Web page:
70-year-old Sebastopol apple farm shut down, but plans to reopen

  • General manager Bill DeHaas checks the health of the apple trees at Twins Hills Ranch on Monday, March 18, 2013. The 70-year-old institution in Sebastopol closed abruptly in January due to problems with their well. But DeHaas and the farm's owners say they will reopen in the spring, saving the apple themed tourist destination. (Conner Jay/The Press Democrat)

A beloved remnant of the west county apple industry is closed after state officials ordered the shutdown of a drinking water well in the rural outskirts of Sebastopol, but the owners vow to reopen by spring.

"We found it a good time to retool, to be able to keep the farm going," said Jeff Palk, owner of Twin Hill Ranch. They will "keep the heritage of the apple operation alive while going forward with grapes, where the future really is."

He said he plans to expand wine grape growing on some nearby parcels, since grapes are more lucrative, but he will maintain the eight remaining historic acres of apples on the main ranch property.

Twin Hill Ranch


Farm manager Bill DeHass, Palk's father-in-law, said he is particularly eager to open the orchard for families to come pick their own apples and watch the historic process of washing and packaging the Gravenstein apples that once flourished that part of the county.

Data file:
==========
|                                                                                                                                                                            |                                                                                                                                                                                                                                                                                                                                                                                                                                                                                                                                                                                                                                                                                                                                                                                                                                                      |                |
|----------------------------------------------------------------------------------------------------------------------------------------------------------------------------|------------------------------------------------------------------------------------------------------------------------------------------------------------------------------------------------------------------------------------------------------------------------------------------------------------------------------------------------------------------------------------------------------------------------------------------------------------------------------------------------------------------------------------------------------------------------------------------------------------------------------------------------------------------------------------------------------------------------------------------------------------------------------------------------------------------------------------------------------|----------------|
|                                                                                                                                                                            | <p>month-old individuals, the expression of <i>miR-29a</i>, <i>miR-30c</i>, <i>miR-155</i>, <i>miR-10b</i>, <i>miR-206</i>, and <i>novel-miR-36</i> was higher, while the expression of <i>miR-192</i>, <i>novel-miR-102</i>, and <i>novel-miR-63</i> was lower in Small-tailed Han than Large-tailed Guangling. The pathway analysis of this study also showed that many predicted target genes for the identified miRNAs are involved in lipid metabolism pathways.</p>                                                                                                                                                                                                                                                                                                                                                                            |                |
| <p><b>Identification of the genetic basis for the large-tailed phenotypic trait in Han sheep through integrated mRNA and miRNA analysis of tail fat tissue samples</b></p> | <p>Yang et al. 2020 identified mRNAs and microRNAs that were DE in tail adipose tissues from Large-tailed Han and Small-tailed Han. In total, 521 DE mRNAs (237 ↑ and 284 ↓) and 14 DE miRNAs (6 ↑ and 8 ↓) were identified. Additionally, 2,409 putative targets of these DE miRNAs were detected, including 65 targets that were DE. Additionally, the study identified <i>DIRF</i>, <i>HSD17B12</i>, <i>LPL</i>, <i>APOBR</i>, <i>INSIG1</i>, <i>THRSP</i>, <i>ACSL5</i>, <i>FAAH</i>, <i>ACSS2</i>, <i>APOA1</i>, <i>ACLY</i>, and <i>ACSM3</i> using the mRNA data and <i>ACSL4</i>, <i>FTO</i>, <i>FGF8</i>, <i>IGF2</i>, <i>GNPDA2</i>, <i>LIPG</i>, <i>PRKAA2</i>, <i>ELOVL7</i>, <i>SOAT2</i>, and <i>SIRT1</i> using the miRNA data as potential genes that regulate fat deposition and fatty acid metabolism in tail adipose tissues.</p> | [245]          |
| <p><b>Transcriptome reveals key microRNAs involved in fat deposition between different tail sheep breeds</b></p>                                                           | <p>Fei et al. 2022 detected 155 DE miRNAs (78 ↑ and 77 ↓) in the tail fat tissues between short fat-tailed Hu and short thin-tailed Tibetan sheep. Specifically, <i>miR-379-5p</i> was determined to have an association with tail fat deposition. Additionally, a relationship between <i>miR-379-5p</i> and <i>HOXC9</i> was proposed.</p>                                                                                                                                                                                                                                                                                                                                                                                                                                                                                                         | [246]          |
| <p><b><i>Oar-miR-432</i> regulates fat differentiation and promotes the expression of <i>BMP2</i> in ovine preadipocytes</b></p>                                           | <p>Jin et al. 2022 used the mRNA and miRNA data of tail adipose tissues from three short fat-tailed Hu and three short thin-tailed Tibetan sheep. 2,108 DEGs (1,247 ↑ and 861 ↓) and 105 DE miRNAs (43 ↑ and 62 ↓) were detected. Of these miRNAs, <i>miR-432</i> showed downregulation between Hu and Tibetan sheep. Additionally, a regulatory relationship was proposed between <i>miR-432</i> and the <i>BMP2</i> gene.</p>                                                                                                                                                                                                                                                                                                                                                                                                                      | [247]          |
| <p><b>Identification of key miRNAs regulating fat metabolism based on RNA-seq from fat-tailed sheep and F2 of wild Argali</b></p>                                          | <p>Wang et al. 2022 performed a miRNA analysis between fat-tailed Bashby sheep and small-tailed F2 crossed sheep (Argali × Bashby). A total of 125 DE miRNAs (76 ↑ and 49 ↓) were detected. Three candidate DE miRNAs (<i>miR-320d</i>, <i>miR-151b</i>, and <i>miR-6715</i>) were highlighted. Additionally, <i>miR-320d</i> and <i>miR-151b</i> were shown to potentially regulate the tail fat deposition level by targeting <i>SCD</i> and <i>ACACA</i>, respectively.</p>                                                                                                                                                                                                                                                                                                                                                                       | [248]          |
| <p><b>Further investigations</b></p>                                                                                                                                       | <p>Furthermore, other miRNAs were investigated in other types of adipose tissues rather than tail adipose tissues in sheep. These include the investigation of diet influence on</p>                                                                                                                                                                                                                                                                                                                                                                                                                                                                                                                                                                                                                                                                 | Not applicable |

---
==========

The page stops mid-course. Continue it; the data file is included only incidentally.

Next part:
"Kids have got to know what their ancestors did here in America," he said. "If we're not here, that's gone."

Regulators shut down the operation on Jan. 17 after a state inspector found that the ranch was drawing water from an unapproved well, said Bruce Burton, chief of the California Department of Public Health's Drinking Water Northern California Field Operations Branch. Without state-approved water on site, county health officials suspended the ranch's permit to sell food, the cornerstone of its business.

Palk said the water system was not operated by the ranch, but rather by a private water district, known as the Twin Hill Mutual Water Co. It was established by the previous owners decades ago as part of an abortive effort to build a residential subdivision, but the water system fell into disrepair after the plan was abandoned. At some point in recent months, the pump on the main well failed and the system switched to a backup well, which turned out not to have state approval.

"I didn't realize I was even a member of the water district … as a customer, I basically had my water cut off," Palk said.

Details on how the switch came about, and who is in charge of the private water company, remain murky, with varying accounts told by people involved.

State regulators did not offer any evidence that the water from the backup well is contaminated or an immediate danger, but Burton said anytime water is coming from an unapproved source, there is the possibility of some threat to human health so the agency issues a "do not drink" order.

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